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HellBound Hackers | Computer General | Programming

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Help with C++


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Posted on 17-04-09 18:51
I am using a book to learn C++. I have noticed that every time that a program is displayed in the book the first lines are:

#include <cstdio>
#include <cstdlib>
#include < iostream>
using namespace std;

what do these lines mean?

also,

how do you know at what point it is allowed to take a function (a chunk of code)?




Edited by on 17-04-09 19:13
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Posted on 17-04-09 19:21
tuchezviper wrote:
I am using a book to learn C++. I have noticed that every time that a program is displayed in the book the first lines are:

#include <cstdio>
#include <cstdlib>
#include < iostream>
using namespace std;

what do these lines mean?

The first 3 are including the header files: http://en.wikiped. . .eader_file
And the last one is a namespace: http://www.cplusp. . .amespaces/
Try Google next time.

Edited by on 17-04-09 19:26
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Posted on 17-04-09 19:26
Just out of curiosity, what book do you use to learn c++. Because if it doesn't explain that, it must not be a good book ?
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RE: Help with C++

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Posted on 17-04-09 20:08
tuchezviper wrote:
#include <cstdio>
#include <cstdlib>
#include < iostream>
using namespace std;

what do these lines mean?

The first two, I'm not entirely sure why they need to be included, but they are:
cstdio = standard input-output from C
cstdlib = standard library of functions from C

The third is the input-output stream which allows you to reference functions for that purpose.

C++ has various namespaces which are groups of functions, identifiers, etc. "using namespace std" just specifies that you are using the std (standard) namespace.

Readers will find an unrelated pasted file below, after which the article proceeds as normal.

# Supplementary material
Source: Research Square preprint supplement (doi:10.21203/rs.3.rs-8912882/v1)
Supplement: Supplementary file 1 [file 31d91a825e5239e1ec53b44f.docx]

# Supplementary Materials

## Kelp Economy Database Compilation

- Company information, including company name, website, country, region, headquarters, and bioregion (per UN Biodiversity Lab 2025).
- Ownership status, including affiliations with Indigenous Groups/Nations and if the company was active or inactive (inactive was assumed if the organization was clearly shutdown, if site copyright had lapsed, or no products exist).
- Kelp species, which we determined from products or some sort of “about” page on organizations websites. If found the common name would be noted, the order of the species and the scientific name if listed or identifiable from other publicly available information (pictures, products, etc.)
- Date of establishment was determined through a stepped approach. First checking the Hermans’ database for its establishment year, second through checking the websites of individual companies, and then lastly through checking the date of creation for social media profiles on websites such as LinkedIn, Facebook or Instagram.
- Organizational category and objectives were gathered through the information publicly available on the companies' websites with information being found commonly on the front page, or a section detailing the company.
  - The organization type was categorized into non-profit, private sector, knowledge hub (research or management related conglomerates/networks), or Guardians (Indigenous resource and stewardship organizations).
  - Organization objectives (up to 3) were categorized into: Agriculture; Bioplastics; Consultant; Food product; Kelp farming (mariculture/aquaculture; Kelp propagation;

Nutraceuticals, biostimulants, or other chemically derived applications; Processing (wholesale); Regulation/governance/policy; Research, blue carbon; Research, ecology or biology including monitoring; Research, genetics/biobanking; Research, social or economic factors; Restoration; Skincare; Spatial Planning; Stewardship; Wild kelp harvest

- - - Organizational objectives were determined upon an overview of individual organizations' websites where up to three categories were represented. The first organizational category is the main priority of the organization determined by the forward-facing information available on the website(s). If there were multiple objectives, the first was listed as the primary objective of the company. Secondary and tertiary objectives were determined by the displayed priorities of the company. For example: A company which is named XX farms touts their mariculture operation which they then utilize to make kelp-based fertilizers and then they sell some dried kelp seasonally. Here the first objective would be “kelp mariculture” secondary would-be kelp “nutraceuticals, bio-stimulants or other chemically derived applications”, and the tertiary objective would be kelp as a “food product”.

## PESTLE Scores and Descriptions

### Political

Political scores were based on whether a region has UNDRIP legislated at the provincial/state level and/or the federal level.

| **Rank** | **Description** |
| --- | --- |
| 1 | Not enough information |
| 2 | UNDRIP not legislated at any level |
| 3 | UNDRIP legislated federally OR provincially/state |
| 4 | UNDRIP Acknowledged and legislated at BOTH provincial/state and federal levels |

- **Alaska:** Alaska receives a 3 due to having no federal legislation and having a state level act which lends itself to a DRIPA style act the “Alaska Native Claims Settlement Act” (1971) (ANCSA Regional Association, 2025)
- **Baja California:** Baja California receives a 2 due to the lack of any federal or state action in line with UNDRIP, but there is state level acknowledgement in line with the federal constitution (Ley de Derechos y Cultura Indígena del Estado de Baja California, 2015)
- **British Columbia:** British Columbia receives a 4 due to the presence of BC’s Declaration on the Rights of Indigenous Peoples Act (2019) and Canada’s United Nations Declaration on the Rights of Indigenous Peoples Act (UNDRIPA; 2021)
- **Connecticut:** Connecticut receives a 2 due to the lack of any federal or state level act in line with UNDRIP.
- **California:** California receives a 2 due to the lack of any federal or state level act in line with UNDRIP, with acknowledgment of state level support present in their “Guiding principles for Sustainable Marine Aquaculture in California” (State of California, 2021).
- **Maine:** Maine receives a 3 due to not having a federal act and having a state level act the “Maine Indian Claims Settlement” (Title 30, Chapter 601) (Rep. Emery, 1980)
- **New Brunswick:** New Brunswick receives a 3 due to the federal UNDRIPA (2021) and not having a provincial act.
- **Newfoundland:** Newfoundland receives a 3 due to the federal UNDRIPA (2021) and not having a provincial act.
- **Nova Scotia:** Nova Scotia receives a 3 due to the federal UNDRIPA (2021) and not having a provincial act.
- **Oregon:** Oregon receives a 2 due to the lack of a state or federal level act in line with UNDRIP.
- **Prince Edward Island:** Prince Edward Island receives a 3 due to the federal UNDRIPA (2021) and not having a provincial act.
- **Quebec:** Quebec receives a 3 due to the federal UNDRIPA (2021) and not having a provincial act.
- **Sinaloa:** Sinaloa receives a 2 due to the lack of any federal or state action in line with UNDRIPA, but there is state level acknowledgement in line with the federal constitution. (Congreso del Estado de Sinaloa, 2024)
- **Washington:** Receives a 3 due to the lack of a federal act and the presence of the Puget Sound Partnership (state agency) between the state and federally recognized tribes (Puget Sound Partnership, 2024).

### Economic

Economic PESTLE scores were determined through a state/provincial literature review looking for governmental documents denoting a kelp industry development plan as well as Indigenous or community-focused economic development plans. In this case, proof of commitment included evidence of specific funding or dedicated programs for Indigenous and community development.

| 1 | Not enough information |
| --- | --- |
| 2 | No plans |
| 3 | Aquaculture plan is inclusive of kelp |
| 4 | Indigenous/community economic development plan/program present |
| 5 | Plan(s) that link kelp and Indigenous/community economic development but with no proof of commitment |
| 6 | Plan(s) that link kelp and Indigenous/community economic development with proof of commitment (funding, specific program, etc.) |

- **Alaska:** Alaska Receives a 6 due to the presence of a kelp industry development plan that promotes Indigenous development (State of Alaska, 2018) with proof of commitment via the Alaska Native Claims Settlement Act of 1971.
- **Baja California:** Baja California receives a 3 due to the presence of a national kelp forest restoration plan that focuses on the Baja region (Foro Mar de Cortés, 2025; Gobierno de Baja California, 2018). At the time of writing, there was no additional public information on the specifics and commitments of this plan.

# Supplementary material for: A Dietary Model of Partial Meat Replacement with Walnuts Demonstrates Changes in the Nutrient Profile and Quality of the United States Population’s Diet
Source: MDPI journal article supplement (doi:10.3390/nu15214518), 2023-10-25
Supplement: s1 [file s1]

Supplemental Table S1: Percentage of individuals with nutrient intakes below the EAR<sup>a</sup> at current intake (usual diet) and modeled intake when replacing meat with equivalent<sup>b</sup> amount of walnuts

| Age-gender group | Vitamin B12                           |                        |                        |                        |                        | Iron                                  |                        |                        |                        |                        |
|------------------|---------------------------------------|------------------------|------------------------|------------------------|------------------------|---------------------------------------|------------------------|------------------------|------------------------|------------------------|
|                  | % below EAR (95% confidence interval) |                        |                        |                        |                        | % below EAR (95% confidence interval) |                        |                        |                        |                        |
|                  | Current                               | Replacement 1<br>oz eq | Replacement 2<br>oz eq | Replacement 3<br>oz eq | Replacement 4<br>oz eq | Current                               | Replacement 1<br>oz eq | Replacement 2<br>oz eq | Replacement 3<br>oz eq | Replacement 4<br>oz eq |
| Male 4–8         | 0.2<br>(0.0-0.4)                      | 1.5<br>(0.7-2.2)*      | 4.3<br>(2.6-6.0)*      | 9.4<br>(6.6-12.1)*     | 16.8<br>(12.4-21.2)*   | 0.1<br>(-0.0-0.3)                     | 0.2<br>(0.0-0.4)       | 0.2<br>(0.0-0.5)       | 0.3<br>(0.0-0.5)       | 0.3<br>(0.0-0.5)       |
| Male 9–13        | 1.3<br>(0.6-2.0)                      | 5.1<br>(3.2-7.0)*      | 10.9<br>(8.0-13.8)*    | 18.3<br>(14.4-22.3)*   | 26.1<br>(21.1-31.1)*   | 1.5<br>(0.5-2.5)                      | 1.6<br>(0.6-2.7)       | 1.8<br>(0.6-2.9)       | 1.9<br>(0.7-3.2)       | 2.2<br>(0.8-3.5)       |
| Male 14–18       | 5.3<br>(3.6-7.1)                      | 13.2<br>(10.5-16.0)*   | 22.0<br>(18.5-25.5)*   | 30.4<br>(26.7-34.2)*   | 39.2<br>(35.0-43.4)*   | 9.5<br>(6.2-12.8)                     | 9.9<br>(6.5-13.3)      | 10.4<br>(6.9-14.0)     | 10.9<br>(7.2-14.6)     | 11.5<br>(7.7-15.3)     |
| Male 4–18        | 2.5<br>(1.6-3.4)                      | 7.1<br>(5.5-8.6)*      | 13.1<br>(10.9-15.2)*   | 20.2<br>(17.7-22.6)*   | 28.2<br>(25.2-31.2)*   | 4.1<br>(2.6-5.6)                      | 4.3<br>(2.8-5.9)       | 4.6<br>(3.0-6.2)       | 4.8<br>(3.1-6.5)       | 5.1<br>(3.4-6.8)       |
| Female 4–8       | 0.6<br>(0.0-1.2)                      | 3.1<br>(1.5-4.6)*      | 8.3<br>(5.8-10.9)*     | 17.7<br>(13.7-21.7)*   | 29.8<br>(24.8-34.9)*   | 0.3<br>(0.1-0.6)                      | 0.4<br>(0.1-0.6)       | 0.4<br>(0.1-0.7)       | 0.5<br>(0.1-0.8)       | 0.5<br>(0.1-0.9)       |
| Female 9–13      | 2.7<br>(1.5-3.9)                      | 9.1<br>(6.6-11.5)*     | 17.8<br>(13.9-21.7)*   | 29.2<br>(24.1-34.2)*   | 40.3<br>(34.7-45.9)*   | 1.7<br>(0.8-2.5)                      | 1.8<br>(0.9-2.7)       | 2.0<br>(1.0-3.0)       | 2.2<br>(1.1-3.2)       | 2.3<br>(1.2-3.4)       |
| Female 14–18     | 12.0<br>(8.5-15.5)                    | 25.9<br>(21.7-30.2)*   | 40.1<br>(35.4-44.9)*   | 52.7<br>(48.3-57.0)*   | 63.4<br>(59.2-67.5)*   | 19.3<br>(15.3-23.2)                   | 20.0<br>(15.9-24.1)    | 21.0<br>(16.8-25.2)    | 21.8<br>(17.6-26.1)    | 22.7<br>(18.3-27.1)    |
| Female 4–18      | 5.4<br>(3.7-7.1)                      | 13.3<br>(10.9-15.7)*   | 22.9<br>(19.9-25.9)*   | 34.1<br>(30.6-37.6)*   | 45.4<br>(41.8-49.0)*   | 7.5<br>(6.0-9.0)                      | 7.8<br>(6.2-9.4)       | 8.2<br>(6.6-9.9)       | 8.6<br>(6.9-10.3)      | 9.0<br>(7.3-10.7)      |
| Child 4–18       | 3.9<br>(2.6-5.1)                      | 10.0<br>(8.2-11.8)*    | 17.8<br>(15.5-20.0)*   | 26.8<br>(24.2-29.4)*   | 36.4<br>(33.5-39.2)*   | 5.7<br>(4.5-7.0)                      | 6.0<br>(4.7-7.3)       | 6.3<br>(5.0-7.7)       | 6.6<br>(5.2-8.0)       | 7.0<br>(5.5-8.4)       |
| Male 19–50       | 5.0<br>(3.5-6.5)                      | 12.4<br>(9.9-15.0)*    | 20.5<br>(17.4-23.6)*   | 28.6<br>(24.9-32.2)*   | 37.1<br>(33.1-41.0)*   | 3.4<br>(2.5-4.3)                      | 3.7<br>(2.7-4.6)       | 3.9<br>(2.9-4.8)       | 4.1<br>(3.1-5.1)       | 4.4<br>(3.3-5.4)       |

If you didn't specify that, then for things such as outputting with cout, you would have to type std::cout instead. It basically tells the program to treat all names from the standard library like they were declared within the program.


how do you know at what point it is allowed to take a function (a chunk of code)?

What do you mean?


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Posted on 17-04-09 20:08
inferior wrote:
Just out of curiosity, what book do you use to learn c++. Because if it doesn't explain that, it must not be a good book ?

Not necessarily, it might be a beginner's book or something similar that prioritizes teaching the basics of variables, input, output, operators, string manipulation, etc. first. This is actually not a bad technique since then one learns the syntax and functionality of what you can do with the simple basic things first and leave the underlying parts, which you won't really get into at the beginning anyway, to later.
If the book is a purely beginner's book it might therefor not contain it at all, or alternately contain it later on, but since they don't clearly say "headers" anywhere the person wouldn't know which chapter to look it up at.

tuchezviper wrote:
how do you know at what point it is allowed to take a function (a chunk of code)?

No idea what you meant by that, clarify.


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Posted on 17-04-09 23:44
tuchezviper wrote:
how do you know at what point it is allowed to take a function (a chunk of code)?

I think he means when do you know you can actually put code? If this is the question then you can place variables in the global scope(just after the area that we see the includes and namespace). For the logic segment of you program it must go in your main function which is set up like this:

Code

int main(int argc, char **argv){
//code here
}





You can also make a custom function but, you always need a main function.


Try to rephrase the question for a better answer.


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